The human body is probably the most studied biological system ever. You’d think that by now we’d know all there is to know about our lungs, skin, and kidneys. But time and again, scientists keep uncovering yet another facet of our own make-up. Now, researchers have discovered four new types of blood cells that we didn’t know existed.

Previously, types of blood cells have been identified based on the particular proteins they express on their surfaces, but this technique can miss difficult-to-identify or rare classes of blood cells. To refine this, the researchers have used something called single-cell genomics, which allows them to look in detail at the differences in gene expression between different cells. In doing so, they gain a much more accurate picture as to what cell types exist.

By doing this, they have been able to uncover four new classes of white blood cells. A crucial part of the immune system, white blood cells are subdivided into different types that play different roles in the fight against infection. This latest study, published in Science, has found two new types of dendritic cells and two new types of monocyte cells.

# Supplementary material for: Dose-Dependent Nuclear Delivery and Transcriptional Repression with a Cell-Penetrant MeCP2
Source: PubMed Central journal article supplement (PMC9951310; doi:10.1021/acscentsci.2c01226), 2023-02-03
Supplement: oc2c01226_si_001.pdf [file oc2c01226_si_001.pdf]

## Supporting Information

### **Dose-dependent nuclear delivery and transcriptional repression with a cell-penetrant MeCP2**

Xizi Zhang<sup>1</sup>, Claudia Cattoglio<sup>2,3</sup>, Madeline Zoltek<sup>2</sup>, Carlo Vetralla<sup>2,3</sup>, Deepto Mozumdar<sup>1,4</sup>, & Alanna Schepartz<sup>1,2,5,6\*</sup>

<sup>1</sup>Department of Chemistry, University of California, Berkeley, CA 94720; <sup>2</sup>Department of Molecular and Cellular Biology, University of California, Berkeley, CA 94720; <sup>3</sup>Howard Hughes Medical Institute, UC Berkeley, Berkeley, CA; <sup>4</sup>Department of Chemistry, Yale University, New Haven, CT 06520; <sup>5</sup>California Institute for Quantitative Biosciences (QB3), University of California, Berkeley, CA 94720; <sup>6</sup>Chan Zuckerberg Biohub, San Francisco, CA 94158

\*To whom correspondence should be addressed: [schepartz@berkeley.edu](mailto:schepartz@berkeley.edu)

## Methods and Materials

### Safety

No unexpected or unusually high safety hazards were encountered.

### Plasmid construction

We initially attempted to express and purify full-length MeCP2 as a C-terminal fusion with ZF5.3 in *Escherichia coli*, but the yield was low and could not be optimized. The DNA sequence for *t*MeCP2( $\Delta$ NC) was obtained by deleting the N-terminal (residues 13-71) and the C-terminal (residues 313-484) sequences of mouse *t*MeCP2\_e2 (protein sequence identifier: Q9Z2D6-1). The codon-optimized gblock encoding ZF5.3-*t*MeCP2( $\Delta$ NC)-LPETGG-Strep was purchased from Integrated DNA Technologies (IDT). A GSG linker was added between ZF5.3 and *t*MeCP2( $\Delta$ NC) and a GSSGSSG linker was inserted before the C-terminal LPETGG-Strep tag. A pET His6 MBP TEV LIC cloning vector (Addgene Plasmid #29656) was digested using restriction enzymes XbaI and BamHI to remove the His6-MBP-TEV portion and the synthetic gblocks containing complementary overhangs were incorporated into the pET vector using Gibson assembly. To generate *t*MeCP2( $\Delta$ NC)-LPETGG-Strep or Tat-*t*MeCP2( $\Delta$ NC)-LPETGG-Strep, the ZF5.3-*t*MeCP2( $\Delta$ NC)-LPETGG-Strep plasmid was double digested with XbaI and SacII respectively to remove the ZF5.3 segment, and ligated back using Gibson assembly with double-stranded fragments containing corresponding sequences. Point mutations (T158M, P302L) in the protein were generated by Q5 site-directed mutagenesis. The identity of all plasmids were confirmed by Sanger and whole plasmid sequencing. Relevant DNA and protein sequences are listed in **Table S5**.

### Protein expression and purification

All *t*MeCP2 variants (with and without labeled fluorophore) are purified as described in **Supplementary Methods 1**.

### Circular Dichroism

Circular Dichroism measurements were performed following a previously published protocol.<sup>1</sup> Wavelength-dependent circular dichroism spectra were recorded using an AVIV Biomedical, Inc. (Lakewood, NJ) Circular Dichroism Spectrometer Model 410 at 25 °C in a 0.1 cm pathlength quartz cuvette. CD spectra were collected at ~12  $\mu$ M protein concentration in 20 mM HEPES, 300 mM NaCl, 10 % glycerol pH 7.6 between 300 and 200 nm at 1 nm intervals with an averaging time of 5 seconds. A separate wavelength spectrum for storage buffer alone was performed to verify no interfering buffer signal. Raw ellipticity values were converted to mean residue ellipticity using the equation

Dendritic cells play a crucial role in linking the innate immune system, which involves the defences such as skin and membranes that help fight infection, and the adaptive immune system, in which specialized cells process and eliminate pathogens, as well as retain a memory should they face the same infection again. The role of the dendritic cells is to take up fragments of the antigen infecting the body and then present parts of it on their surface to “educate” T-cells, which then hunt down and kill the pathogen.

The monocyte cells provide a different role within the immune system. They are the largest type of white blood cell, and can go on to form what are known as macrophages, which go to the site of infection and gobble up and digest the pathogens, removing them from the body.

“In this study, scientists have used cutting-edge technologies to find that there are many more types of cell than we originally thought,” explains Divya Shah, from Wellcome’s Infection and Immunobiology team, who helped fund the study. “The next step is to find out what each of these cell types do in our immune system, both when we’re healthy and during disease.”